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func addOverlappingArea(_ string: String) -> Int {
let claims = parseInput(string)
var points: Set<Point> = Set()
for i in 0..<claims.count-1 {
for j in i+1..<claims.count {
let claim1 = claims[i]
let claim2 = claims[j]
if claim1.overlappingArea(with: claim2) > 0 {
points.formUnion(claim1.getIntersectionPoints(with: claim2))
}
}
}
return points.count
}
``````

I get an array of claims from my `parseInput()` function and make an empty array of points to hold the overlapping points. Then I loop through the claims and check each one against all the others to see if they overlap, and if they do I get a set of of the intersecting points and add that to my points set.

The answer for my input was 111326 and it takes about 0.6 seconds to find the answer using the swift script method described in my AoC setup post.

## Problem 2

Part two was much simpler, now that I had all the infrastructure built out. The problem is basically: given a string of claims, return the ID of the single claim that doesn’t overlap with any others. The sample data returns `#3`.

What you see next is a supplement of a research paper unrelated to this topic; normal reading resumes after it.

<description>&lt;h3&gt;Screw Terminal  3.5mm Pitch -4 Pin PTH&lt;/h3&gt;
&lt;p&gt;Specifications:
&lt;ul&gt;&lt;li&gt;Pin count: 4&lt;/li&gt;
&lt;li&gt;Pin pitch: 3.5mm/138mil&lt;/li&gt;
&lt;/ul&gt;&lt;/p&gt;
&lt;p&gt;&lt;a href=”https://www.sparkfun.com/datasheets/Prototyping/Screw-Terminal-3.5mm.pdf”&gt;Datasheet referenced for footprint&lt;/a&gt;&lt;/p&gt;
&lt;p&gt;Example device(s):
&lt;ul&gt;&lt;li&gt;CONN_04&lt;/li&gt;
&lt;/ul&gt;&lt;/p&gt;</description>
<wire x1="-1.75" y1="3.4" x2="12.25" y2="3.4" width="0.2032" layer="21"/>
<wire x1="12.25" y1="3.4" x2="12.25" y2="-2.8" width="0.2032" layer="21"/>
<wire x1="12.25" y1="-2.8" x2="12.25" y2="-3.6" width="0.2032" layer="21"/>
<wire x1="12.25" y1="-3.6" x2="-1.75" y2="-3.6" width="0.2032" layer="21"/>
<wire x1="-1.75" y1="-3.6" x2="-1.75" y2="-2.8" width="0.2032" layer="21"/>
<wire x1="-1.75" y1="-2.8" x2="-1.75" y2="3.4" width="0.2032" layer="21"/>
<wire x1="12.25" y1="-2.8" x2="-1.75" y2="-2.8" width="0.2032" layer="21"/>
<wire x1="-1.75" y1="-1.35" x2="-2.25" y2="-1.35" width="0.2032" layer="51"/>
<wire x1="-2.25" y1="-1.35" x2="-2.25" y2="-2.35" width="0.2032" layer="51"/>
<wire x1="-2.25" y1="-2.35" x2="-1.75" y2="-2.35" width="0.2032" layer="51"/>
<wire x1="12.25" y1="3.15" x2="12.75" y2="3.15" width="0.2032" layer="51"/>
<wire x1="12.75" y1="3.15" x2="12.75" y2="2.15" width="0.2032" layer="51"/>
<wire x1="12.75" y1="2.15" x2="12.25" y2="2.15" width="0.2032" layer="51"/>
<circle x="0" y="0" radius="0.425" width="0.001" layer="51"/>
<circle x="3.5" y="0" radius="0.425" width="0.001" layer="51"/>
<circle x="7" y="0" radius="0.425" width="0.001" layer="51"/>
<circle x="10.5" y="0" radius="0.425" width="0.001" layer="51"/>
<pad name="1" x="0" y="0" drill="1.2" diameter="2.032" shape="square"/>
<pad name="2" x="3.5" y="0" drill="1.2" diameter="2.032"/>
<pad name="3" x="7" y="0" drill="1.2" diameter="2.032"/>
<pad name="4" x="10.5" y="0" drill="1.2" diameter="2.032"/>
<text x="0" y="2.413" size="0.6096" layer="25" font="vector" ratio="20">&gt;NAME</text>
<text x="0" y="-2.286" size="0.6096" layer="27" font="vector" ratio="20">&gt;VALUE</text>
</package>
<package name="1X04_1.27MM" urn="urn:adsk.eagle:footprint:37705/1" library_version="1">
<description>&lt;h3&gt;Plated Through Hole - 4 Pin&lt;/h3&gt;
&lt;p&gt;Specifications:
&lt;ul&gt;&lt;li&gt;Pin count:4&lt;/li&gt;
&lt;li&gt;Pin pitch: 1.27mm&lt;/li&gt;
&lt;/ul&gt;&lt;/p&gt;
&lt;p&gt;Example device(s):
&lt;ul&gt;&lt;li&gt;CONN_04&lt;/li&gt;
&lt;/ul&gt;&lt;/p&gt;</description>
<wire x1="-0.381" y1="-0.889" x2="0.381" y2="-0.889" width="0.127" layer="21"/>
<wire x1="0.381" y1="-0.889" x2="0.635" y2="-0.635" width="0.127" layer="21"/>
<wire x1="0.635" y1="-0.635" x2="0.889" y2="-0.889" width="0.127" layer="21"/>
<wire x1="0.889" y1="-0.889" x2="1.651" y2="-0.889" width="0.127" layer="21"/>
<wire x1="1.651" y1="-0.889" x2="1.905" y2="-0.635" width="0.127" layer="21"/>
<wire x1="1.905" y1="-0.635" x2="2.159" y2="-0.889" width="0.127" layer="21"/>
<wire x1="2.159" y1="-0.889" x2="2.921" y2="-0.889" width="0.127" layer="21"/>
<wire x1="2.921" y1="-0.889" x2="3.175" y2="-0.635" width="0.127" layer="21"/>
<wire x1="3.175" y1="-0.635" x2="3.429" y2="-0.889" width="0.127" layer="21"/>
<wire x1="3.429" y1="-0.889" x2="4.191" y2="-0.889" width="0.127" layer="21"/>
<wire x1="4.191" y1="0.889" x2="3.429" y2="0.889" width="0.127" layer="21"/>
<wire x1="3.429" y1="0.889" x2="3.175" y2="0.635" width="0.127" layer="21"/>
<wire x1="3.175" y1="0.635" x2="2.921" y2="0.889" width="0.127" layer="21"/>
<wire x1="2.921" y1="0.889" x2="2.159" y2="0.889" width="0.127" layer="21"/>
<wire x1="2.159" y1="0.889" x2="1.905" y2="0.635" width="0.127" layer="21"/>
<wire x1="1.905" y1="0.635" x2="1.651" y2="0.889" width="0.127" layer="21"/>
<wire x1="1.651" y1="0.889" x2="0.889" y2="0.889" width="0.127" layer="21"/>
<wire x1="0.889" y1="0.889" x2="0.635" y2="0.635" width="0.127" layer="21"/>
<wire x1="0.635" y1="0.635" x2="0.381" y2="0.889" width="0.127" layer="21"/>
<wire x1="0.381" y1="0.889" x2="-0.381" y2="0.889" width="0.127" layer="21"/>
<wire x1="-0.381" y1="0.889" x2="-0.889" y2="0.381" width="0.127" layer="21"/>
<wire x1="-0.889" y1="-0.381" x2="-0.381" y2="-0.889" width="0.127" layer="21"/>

### Method

• Use the same `parseInput()` method to get an array of claims.
• Make a set of Claims to hold the claims with no overlaps.
• Loop through all the claims, checking them against all the others and if they have any overlap, remove both from the set.
• At the end, if there is an element left, return it.

### Implementation

The only new code for this part was the main function:

``````1
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func findNoOverlaps(_ string: String) -> Claim? {
let claims = parseInput(string)
var noOverlaps: Set<Claim> = Set(claims)
for i in 0..<claims.count {
for j in i+1..<claims.count {
let claim1 = claims[i]
let claim2 = claims[j]
if claim1.overlappingArea(with: claim2) > 0 {
noOverlaps.remove(claim1)
noOverlaps.remove(claim2)
}
}
}
return noOverlaps.count == 1 ? noOverlaps.removeFirst() : nil
}
``````

I get my claims from the `parseInput()` function, and make a set equal from that array of claims. Then I loop through each claim, checking it against all the other claims for an overlap. If there is any, I remove both from the set. This will loop through all of the claims, even if they have already been removed from the set, but I didn’t want to take the time to write it in a more efficient way because it already takes a negligible amount of time for the given input.

The answer for my input was claim #1019 and it takes about 0.2 seconds to find it running the script on the command line.

## Reflections

• This problem really stretched my memory of high school geometry class, and forced me to think about how to deal with a coordinate system in code.
• It also gave me the opportunity to explore the capabilities of Sets a little more, as well as making custom structs that are Hashable.

You can find all the code for my attempts so far in my advent of code 2018 repository on GitHub.